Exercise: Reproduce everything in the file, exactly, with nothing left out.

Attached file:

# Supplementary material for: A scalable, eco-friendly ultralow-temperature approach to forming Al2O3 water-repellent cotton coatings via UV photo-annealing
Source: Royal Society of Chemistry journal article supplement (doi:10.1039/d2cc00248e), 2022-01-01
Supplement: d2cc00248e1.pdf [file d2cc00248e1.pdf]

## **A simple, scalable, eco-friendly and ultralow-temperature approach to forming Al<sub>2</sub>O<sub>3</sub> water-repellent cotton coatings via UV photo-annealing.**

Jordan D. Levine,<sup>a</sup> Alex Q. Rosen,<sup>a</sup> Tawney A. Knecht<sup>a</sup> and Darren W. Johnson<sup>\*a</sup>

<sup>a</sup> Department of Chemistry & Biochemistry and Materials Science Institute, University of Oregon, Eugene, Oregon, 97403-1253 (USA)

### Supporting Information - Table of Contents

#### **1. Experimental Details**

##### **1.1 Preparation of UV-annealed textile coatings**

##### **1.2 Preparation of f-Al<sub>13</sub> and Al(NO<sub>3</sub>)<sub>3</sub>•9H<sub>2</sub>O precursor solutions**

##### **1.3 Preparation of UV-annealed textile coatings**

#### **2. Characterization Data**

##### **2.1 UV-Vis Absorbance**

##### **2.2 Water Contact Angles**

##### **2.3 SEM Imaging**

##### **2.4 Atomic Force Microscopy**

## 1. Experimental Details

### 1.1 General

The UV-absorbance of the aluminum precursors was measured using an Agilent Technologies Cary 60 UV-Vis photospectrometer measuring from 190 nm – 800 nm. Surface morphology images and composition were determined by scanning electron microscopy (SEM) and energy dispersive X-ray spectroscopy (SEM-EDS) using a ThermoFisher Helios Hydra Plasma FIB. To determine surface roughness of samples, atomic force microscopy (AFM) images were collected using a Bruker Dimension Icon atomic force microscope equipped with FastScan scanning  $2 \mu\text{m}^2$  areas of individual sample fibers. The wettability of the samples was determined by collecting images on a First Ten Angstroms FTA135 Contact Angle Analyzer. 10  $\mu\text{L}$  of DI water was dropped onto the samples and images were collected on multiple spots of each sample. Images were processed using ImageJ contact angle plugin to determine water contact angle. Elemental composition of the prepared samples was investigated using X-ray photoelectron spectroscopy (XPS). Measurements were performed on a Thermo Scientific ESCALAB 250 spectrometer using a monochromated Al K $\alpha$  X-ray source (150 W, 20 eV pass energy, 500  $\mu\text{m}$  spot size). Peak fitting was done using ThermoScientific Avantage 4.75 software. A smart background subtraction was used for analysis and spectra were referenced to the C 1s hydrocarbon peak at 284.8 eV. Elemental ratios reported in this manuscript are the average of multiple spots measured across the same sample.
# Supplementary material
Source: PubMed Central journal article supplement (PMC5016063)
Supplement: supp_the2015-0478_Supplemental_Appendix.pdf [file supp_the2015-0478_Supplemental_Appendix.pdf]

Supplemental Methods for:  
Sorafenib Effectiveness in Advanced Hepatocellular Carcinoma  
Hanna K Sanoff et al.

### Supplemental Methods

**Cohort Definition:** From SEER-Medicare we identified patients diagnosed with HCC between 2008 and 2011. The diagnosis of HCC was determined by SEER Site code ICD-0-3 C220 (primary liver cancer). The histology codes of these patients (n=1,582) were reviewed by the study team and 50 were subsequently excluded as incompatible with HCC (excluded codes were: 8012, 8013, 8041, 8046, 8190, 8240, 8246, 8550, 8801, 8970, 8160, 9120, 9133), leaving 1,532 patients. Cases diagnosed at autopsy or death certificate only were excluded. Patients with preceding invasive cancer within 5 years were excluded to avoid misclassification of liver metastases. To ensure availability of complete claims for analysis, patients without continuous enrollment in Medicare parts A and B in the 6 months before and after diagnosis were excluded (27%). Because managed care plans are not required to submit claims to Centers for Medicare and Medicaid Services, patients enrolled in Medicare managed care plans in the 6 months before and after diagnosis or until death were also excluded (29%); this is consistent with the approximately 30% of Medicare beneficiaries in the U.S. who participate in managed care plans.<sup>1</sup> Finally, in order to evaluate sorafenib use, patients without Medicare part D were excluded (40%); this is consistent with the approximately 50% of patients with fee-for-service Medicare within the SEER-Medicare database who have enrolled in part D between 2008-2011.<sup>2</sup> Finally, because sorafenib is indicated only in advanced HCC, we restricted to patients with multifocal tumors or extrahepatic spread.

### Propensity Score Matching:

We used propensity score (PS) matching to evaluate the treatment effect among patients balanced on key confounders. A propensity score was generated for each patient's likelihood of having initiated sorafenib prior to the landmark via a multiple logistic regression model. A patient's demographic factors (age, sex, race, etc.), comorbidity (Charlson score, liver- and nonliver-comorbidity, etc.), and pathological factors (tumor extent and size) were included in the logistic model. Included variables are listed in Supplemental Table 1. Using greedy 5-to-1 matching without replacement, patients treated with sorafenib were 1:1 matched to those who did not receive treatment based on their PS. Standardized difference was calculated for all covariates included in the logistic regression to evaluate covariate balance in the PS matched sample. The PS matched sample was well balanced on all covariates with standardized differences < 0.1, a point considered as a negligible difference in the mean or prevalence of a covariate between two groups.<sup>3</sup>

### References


# Supplementary material for: A scalable, eco-friendly ultralow-temperature approach to forming Al2O3 water-repellent cotton coatings via UV photo-annealing
Source: Royal Society of Chemistry journal article supplement (doi:10.1039/d2cc00248e), 2022-01-01
Supplement: d2cc00248e1.pdf [file d2cc00248e1.pdf]

## **A simple, scalable, eco-friendly and ultralow-temperature approach to forming Al<sub>2</sub>O<sub>3</sub> water-repellent cotton coatings via UV photo-annealing.**

Jordan D. Levine,<sup>a</sup> Alex Q. Rosen,<sup>a</sup> Tawney A. Knecht<sup>a</sup> and Darren W. Johnson<sup>\*a</sup>

<sup>a</sup> Department of Chemistry & Biochemistry and Materials Science Institute, University of Oregon, Eugene, Oregon, 97403-1253 (USA)

### Supporting Information - Table of Contents

#### **1. Experimental Details**

##### **1.1 Preparation of UV-annealed textile coatings**

##### **1.2 Preparation of f-Al<sub>13</sub> and Al(NO<sub>3</sub>)<sub>3</sub>•9H<sub>2</sub>O precursor solutions**

##### **1.3 Preparation of UV-annealed textile coatings**

#### **2. Characterization Data**

##### **2.1 UV-Vis Absorbance**

##### **2.2 Water Contact Angles**

##### **2.3 SEM Imaging**

##### **2.4 Atomic Force Microscopy**

## 1. Experimental Details

### 1.1 General

The UV-absorbance of the aluminum precursors was measured using an Agilent Technologies Cary 60 UV-Vis photospectrometer measuring from 190 nm – 800 nm. Surface morphology images and composition were determined by scanning electron microscopy (SEM) and energy dispersive X-ray spectroscopy (SEM-EDS) using a ThermoFisher Helios Hydra Plasma FIB. To determine surface roughness of samples, atomic force microscopy (AFM) images were collected using a Bruker Dimension Icon atomic force microscope equipped with FastScan scanning  $2 \mu\text{m}^2$  areas of individual sample fibers. The wettability of the samples was determined by collecting images on a First Ten Angstroms FTA135 Contact Angle Analyzer. 10  $\mu\text{L}$  of DI water was dropped onto the samples and images were collected on multiple spots of each sample. Images were processed using ImageJ contact angle plugin to determine water contact angle. Elemental composition of the prepared samples was investigated using X-ray photoelectron spectroscopy (XPS). Measurements were performed on a Thermo Scientific ESCALAB 250 spectrometer using a monochromated Al K $\alpha$  X-ray source (150 W, 20 eV pass energy, 500  $\mu\text{m}$  spot size). Peak fitting was done using ThermoScientific Avantage 4.75 software. A smart background subtraction was used for analysis and spectra were referenced to the C 1s hydrocarbon peak at 284.8 eV. Elemental ratios reported in this manuscript are the average of multiple spots measured across the same sample.
# Supplementary material
Source: PubMed Central journal article supplement (PMC5016063)
Supplement: supp_the2015-0478_Supplemental_Appendix.pdf [file supp_the2015-0478_Supplemental_Appendix.pdf]

Supplemental Methods for:  
Sorafenib Effectiveness in Advanced Hepatocellular Carcinoma  
Hanna K Sanoff et al.

### Supplemental Methods

**Cohort Definition:** From SEER-Medicare we identified patients diagnosed with HCC between 2008 and 2011. The diagnosis of HCC was determined by SEER Site code ICD-0-3 C220 (primary liver cancer). The histology codes of these patients (n=1,582) were reviewed by the study team and 50 were subsequently excluded as incompatible with HCC (excluded codes were: 8012, 8013, 8041, 8046, 8190, 8240, 8246, 8550, 8801, 8970, 8160, 9120, 9133), leaving 1,532 patients. Cases diagnosed at autopsy or death certificate only were excluded. Patients with preceding invasive cancer within 5 years were excluded to avoid misclassification of liver metastases. To ensure availability of complete claims for analysis, patients without continuous enrollment in Medicare parts A and B in the 6 months before and after diagnosis were excluded (27%). Because managed care plans are not required to submit claims to Centers for Medicare and Medicaid Services, patients enrolled in Medicare managed care plans in the 6 months before and after diagnosis or until death were also excluded (29%); this is consistent with the approximately 30% of Medicare beneficiaries in the U.S. who participate in managed care plans.<sup>1</sup> Finally, in order to evaluate sorafenib use, patients without Medicare part D were excluded (40%); this is consistent with the approximately 50% of patients with fee-for-service Medicare within the SEER-Medicare database who have enrolled in part D between 2008-2011.<sup>2</sup> Finally, because sorafenib is indicated only in advanced HCC, we restricted to patients with multifocal tumors or extrahepatic spread.

### Propensity Score Matching:

We used propensity score (PS) matching to evaluate the treatment effect among patients balanced on key confounders. A propensity score was generated for each patient's likelihood of having initiated sorafenib prior to the landmark via a multiple logistic regression model. A patient's demographic factors (age, sex, race, etc.), comorbidity (Charlson score, liver- and nonliver-comorbidity, etc.), and pathological factors (tumor extent and size) were included in the logistic model. Included variables are listed in Supplemental Table 1. Using greedy 5-to-1 matching without replacement, patients treated with sorafenib were 1:1 matched to those who did not receive treatment based on their PS. Standardized difference was calculated for all covariates included in the logistic regression to evaluate covariate balance in the PS matched sample. The PS matched sample was well balanced on all covariates with standardized differences < 0.1, a point considered as a negligible difference in the mean or prevalence of a covariate between two groups.<sup>3</sup>

### References